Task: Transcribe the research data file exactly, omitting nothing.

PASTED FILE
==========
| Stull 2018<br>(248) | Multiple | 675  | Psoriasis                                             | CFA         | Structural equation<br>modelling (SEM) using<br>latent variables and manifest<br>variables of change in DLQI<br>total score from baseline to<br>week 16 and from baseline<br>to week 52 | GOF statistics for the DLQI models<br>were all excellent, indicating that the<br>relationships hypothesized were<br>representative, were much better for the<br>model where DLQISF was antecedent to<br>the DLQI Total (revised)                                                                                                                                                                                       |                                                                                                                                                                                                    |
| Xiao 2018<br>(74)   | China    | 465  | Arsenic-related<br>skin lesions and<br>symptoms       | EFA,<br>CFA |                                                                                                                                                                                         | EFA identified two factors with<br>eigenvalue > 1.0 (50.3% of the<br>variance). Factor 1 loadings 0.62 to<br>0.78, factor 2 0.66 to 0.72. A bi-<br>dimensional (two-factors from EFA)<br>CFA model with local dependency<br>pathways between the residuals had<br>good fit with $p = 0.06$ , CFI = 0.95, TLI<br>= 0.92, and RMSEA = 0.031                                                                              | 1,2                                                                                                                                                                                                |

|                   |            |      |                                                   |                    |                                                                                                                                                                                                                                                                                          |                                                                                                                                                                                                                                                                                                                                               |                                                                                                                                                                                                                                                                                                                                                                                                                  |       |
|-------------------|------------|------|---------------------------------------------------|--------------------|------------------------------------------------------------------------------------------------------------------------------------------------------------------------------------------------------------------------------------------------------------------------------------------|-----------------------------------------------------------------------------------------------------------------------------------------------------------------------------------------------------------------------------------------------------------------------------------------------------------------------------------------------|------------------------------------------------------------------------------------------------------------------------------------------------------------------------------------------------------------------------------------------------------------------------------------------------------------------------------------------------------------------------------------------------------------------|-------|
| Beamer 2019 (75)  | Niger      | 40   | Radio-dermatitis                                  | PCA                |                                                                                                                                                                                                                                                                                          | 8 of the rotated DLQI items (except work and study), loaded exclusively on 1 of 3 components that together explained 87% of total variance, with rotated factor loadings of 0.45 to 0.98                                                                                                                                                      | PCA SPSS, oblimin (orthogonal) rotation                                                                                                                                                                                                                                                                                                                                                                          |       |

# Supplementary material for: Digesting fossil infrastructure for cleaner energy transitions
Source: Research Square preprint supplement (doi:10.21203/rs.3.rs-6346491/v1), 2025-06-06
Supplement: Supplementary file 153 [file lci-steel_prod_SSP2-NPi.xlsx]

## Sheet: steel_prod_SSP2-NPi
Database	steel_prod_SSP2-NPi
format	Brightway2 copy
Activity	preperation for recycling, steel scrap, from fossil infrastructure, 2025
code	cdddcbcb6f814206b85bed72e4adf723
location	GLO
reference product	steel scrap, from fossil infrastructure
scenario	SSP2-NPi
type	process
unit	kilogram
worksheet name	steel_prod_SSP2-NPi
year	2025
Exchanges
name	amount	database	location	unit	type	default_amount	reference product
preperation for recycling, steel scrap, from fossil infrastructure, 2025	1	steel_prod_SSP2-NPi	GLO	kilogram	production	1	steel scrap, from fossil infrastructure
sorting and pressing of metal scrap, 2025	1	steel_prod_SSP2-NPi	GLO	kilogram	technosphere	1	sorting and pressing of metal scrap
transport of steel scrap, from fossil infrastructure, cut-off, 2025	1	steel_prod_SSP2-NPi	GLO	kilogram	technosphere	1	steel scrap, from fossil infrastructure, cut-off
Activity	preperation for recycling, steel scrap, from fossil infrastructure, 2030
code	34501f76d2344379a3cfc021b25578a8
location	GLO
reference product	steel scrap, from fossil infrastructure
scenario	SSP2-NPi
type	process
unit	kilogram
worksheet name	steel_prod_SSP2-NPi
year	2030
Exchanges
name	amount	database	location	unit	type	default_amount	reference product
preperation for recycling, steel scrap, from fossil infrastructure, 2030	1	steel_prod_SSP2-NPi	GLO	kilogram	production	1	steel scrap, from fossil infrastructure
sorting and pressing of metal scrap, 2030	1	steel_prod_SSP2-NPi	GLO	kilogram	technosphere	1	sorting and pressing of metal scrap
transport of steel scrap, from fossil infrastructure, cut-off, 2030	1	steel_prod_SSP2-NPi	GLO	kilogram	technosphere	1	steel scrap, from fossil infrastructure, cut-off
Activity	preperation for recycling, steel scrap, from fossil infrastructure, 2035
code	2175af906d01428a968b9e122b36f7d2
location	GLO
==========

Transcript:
| Stull 2018<br>(248) | Multiple | 675  | Psoriasis                                             | CFA         | Structural equation<br>modelling (SEM) using<br>latent variables and manifest<br>variables of change in DLQI<br>total score from baseline to<br>week 16 and from baseline<br>to week 52 | GOF statistics for the DLQI models<br>were all excellent, indicating that the<br>relationships hypothesized were<br>representative, were much better for the<br>model where DLQISF was antecedent to<br>the DLQI Total (revised)                                                                                                                                                                                       |                                                                                                                                                                                                    |
| Xiao 2018<br>(74)   | China    | 465  | Arsenic-related<br>skin lesions and<br>symptoms       | EFA,<br>CFA |                                                                                                                                                                                         | EFA identified two factors with<br>eigenvalue > 1.0 (50.3% of the<br>variance). Factor 1 loadings 0.62 to<br>0.78, factor 2 0.66 to 0.72. A bi-<br>dimensional (two-factors from EFA)<br>CFA model with local dependency<br>pathways between the residuals had<br>good fit with $p = 0.06$ , CFI = 0.95, TLI<br>= 0.92, and RMSEA = 0.031                                                                              | 1,2                                                                                                                                                                                                |

|                   |            |      |                                                   |                    |                                                                                                                                                                                                                                                                                          |                                                                                                                                                                                                                                                                                                                                               |                                                                                                                                                                                                                                                                                                                                                                                                                  |       |
|-------------------|------------|------|---------------------------------------------------|--------------------|------------------------------------------------------------------------------------------------------------------------------------------------------------------------------------------------------------------------------------------------------------------------------------------|-----------------------------------------------------------------------------------------------------------------------------------------------------------------------------------------------------------------------------------------------------------------------------------------------------------------------------------------------|------------------------------------------------------------------------------------------------------------------------------------------------------------------------------------------------------------------------------------------------------------------------------------------------------------------------------------------------------------------------------------------------------------------|-------|
| Beamer 2019 (75)  | Niger      | 40   | Radio-dermatitis                                  | PCA                |                                                                                                                                                                                                                                                                                          | 8 of the rotated DLQI items (except work and study), loaded exclusively on 1 of 3 components that together explained 87% of total variance, with rotated factor loadings of 0.45 to 0.98                                                                                                                                                      | PCA SPSS, oblimin (orthogonal) rotation                                                                                                                                                                                                                                                                                                                                                                          |       |

# Supplementary material for: Digesting fossil infrastructure for cleaner energy transitions
Source: Research Square preprint supplement (doi:10.21203/rs.3.rs-6346491/v1), 2025-06-06
Supplement: Supplementary file 153 [file lci-steel_prod_SSP2-NPi.xlsx]

## Sheet: steel_prod_SSP2-NPi
Database	steel_prod_SSP2-NPi
format	Brightway2 copy
Activity	preperation for recycling, steel scrap, from fossil infrastructure, 2025
code	cdddcbcb6f814206b85bed72e4adf723
location	GLO
reference product	steel scrap, from fossil infrastructure
scenario	SSP2-NPi
type	process
unit	kilogram
worksheet name	steel_prod_SSP2-NPi
year	2025
Exchanges
name	amount	database	location	unit	type	default_amount	reference product
preperation for recycling, steel scrap, from fossil infrastructure, 2025	1	steel_prod_SSP2-NPi	GLO	kilogram	production	1	steel scrap, from fossil infrastructure
sorting and pressing of metal scrap, 2025	1	steel_prod_SSP2-NPi	GLO	kilogram	technosphere	1	sorting and pressing of metal scrap
transport of steel scrap, from fossil infrastructure, cut-off, 2025	1	steel_prod_SSP2-NPi	GLO	kilogram	technosphere	1	steel scrap, from fossil infrastructure, cut-off
Activity	preperation for recycling, steel scrap, from fossil infrastructure, 2030
code	34501f76d2344379a3cfc021b25578a8
location	GLO
reference product	steel scrap, from fossil infrastructure
scenario	SSP2-NPi
type	process
unit	kilogram
worksheet name	steel_prod_SSP2-NPi
year	2030
Exchanges
name	amount	database	location	unit	type	default_amount	reference product
preperation for recycling, steel scrap, from fossil infrastructure, 2030	1	steel_prod_SSP2-NPi	GLO	kilogram	production	1	steel scrap, from fossil infrastructure
sorting and pressing of metal scrap, 2030	1	steel_prod_SSP2-NPi	GLO	kilogram	technosphere	1	sorting and pressing of metal scrap
transport of steel scrap, from fossil infrastructure, cut-off, 2030	1	steel_prod_SSP2-NPi	GLO	kilogram	technosphere	1	steel scrap, from fossil infrastructure, cut-off
Activity	preperation for recycling, steel scrap, from fossil infrastructure, 2035
code	2175af906d01428a968b9e122b36f7d2
location	GLO